The literary critic, Norman Holland, considers Horatio the Man of thought, Fortinbras, the man of action and Hamlet, the man of thought and action. Holland states: "At the end of the play, the man of thought and the man of action stand facing each other, separated, divided; between them lies the man who was both, a failure precisely because he was both." Holland's characterization and analysis of Horatio and of Fortinbras is hardly groundbreaking and is easily supported by the text of the play. Holland's analysis of Hamlet, however, is thought provoking and begs further investigation. Hamlet is undoubtedly a man of thought as well as a man of action. The words of Holland that are hard to swallow are: "a failure precisely because he was both". How was this combination Hamlet's tragic flaw? How did these traits directly lead to Hamlet's downfall?.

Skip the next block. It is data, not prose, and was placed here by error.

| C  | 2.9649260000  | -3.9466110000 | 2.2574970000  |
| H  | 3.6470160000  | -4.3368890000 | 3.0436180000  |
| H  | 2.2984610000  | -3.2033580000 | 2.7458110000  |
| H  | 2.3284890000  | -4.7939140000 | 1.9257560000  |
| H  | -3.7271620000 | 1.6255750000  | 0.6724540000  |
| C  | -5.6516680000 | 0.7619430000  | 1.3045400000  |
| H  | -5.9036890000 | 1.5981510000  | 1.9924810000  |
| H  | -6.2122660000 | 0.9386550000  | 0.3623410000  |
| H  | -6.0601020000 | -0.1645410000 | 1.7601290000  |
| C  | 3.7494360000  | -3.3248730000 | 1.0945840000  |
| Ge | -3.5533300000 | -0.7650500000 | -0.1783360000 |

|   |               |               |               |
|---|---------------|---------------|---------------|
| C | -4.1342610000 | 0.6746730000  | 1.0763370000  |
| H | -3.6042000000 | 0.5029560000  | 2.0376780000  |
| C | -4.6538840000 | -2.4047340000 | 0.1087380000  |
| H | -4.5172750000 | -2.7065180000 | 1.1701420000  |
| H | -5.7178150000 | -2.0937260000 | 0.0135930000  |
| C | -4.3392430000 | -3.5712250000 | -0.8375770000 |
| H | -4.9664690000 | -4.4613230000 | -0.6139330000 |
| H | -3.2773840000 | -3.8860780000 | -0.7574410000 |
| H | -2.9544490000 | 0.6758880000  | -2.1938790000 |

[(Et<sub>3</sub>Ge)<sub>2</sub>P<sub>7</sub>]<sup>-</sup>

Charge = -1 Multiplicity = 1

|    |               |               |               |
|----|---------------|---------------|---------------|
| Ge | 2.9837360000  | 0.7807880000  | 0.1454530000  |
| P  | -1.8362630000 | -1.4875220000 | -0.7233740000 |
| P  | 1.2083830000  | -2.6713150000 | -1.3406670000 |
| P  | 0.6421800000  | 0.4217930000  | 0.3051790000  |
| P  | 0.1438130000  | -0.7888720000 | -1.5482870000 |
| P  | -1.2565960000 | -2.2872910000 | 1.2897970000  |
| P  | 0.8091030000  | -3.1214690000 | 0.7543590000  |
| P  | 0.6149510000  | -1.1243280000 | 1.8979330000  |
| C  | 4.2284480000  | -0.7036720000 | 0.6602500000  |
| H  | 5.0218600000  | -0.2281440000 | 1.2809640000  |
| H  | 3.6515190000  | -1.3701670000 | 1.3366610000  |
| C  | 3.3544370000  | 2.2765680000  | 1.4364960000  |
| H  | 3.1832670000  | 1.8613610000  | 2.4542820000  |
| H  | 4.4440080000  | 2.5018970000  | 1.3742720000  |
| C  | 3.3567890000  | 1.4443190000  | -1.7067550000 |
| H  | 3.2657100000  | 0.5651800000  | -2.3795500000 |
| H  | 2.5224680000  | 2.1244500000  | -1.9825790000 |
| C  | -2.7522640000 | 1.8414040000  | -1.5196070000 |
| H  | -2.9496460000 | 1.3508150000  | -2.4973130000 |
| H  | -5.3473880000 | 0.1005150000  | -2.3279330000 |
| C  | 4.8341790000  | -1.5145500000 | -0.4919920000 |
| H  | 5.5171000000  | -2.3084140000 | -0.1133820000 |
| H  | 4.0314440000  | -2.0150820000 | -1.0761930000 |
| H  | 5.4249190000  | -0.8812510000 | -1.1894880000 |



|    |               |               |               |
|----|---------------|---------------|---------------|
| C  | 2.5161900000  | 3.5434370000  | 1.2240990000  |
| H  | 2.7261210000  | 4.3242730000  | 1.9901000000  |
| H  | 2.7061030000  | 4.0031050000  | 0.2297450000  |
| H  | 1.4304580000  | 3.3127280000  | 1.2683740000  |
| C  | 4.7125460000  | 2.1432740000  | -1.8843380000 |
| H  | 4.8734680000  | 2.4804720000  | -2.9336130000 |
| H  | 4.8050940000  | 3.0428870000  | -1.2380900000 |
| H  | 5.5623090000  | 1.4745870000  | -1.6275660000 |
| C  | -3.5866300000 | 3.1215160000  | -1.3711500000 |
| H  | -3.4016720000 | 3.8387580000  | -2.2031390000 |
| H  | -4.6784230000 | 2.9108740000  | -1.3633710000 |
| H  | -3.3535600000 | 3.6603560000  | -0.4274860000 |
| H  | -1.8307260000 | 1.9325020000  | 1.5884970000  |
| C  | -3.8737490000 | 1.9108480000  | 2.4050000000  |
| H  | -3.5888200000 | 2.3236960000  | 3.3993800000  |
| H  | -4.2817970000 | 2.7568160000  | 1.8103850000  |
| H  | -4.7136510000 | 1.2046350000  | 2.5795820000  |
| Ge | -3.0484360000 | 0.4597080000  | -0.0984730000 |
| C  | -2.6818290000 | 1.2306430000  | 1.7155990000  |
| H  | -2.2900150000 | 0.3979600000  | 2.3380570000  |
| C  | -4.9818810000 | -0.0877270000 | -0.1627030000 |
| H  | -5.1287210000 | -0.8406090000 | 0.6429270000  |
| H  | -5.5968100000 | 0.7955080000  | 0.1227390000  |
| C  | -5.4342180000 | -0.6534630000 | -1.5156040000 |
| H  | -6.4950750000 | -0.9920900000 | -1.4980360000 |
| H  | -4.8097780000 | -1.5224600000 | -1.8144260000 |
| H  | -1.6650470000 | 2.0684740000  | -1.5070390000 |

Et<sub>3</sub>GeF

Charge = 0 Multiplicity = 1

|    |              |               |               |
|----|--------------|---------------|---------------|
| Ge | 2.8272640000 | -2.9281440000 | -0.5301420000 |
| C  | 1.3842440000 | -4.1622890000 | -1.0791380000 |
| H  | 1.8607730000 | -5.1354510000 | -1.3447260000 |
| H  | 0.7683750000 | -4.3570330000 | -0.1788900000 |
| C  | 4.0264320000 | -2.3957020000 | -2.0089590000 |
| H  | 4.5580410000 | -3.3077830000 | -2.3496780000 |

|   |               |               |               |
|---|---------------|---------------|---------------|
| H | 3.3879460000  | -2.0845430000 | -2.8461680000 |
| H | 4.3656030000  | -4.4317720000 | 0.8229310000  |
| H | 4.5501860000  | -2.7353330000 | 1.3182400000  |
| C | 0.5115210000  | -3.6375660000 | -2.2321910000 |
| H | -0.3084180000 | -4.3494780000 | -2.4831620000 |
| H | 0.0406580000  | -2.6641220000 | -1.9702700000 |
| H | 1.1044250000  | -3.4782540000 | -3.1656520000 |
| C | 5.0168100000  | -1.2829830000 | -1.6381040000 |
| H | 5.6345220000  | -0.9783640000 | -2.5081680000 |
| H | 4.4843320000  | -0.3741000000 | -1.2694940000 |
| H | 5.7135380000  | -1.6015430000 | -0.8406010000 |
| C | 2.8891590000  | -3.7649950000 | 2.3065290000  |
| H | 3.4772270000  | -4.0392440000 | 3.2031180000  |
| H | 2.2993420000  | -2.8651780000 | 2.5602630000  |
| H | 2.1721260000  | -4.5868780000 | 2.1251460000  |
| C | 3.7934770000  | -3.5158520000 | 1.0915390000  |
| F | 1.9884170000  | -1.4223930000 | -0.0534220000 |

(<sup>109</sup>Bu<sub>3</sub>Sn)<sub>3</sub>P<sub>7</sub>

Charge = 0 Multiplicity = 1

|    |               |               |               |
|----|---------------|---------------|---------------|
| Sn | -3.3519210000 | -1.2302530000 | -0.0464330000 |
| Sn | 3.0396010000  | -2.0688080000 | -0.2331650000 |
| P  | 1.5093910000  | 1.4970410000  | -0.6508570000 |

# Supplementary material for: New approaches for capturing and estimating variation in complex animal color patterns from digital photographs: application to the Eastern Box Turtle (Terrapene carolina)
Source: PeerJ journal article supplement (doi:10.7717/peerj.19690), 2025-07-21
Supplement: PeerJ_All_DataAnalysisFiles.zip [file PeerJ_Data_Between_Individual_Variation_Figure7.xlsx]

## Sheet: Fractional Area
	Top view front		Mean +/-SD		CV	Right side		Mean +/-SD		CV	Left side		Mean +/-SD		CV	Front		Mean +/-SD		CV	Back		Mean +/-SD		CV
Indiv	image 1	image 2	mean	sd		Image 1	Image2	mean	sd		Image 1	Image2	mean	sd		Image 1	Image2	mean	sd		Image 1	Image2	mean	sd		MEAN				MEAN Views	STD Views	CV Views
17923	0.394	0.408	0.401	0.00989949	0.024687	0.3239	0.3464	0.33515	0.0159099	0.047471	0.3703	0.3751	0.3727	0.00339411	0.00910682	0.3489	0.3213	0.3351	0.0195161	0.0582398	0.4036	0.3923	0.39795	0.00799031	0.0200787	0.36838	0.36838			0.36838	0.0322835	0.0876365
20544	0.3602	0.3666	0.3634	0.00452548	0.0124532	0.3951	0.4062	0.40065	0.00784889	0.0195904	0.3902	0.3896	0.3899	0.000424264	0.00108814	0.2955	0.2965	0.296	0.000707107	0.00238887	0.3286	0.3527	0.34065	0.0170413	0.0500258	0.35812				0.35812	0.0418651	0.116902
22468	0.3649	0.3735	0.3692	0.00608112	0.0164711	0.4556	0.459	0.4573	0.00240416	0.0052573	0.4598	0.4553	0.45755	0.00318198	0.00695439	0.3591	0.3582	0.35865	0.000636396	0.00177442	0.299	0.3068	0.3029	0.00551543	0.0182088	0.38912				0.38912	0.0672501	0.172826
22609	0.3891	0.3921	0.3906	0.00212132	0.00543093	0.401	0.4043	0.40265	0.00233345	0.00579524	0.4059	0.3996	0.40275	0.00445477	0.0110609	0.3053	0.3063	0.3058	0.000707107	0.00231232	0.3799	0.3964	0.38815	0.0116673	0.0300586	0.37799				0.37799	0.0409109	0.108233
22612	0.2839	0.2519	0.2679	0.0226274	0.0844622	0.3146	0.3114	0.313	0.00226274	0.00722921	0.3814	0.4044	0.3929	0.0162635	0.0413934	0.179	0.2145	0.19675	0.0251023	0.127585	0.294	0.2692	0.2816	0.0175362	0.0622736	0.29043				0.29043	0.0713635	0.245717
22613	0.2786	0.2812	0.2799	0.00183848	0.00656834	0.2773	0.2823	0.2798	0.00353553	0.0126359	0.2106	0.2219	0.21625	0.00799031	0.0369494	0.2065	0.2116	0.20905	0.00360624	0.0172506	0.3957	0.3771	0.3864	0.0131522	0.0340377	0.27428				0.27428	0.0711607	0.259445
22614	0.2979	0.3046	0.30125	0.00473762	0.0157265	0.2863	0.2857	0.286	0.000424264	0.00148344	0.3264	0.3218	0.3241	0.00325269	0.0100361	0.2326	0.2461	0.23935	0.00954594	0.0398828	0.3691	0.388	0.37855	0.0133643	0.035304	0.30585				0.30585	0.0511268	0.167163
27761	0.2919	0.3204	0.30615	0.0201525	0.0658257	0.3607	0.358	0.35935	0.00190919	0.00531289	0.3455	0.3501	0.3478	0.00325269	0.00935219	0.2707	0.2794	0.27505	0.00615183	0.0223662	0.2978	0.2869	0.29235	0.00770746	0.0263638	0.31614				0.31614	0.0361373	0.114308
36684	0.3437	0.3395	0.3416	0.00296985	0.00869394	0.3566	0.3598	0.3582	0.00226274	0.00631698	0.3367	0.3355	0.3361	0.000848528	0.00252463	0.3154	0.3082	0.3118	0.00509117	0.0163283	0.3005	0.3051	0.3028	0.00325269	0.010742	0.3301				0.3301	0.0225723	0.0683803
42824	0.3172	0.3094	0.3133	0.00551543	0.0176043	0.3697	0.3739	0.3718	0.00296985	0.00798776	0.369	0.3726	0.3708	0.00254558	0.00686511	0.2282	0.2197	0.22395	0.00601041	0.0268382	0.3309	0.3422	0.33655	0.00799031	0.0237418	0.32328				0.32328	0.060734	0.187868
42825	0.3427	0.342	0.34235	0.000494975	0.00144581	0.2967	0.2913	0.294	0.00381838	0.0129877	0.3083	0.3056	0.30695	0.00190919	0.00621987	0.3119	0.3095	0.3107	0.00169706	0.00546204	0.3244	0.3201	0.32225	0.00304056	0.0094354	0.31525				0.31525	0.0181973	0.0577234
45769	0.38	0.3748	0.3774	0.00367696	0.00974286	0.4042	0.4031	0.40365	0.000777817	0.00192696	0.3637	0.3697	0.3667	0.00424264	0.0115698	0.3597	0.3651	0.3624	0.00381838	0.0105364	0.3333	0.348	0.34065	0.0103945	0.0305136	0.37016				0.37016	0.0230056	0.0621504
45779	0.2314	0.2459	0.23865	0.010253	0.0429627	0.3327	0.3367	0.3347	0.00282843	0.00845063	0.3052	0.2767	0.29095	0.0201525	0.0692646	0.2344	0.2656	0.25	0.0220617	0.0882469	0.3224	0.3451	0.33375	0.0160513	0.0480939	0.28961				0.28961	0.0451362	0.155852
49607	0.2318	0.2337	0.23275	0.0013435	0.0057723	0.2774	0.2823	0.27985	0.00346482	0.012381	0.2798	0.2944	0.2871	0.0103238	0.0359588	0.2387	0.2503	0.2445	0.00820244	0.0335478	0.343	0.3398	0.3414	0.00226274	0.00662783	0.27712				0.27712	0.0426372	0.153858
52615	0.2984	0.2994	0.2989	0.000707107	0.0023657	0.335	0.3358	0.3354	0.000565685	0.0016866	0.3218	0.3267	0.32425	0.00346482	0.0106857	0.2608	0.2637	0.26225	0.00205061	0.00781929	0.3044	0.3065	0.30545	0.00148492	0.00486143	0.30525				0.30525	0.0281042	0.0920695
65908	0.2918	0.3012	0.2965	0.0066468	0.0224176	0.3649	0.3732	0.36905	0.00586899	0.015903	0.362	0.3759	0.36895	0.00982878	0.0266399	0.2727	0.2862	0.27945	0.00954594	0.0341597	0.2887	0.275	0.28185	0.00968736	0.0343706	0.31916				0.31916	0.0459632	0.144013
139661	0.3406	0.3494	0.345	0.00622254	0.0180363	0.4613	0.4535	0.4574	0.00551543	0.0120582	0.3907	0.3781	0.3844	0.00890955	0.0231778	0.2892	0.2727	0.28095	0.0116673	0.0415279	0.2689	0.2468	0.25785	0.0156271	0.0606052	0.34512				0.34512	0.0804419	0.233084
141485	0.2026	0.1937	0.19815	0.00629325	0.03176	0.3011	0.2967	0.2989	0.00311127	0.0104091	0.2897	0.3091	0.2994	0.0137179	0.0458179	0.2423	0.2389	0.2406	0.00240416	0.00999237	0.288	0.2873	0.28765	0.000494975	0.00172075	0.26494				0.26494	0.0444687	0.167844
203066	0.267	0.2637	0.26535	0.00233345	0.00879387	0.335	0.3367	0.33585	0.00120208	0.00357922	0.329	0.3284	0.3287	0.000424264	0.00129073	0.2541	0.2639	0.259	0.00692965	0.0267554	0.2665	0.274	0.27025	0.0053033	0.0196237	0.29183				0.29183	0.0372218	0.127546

Apparent from the opening scene of the play is that Fortinbras, as a man of action, is valiantly avenging his father's death. "Now, sir, young, Fortinbras, /Of unimproved mettle hot and full, / Hath in the skirts of Norway . / Which no other than to recover of us, by strong hand/ And terms compulsatory, those foresaid lands/ So by his father lost." (1.1. 107-116) Later in the play, Fortinbras" zealousness when honor is at stake becomes clear and is a source of inspiration to Hamlet. Hamlet, in response to hearing of Fortinbras" conquest of a worthless patch of land, reacts: "Witness this army of such mass and charge, / Led by a delicate and tender prince, / Whose spirit with divine ambition puffed / But greatly to find quarrel in a straw/ When honor's at stake." (Act.4.4.50-59) Hamlet, while praising Fortinbras" spirit, brings under scrutiny Fortinbras" intentions, and motives. Fortinbras" conquest was unfounded in reason and was emotionally and egotistically driven. As in Hamlet's reaction: "The imminent death of twenty thousand men/ That for fantasy and trick of fame/ Go to their graves like beds, fight for a plot/ Whereon the numbers cannot try the cause," (Act.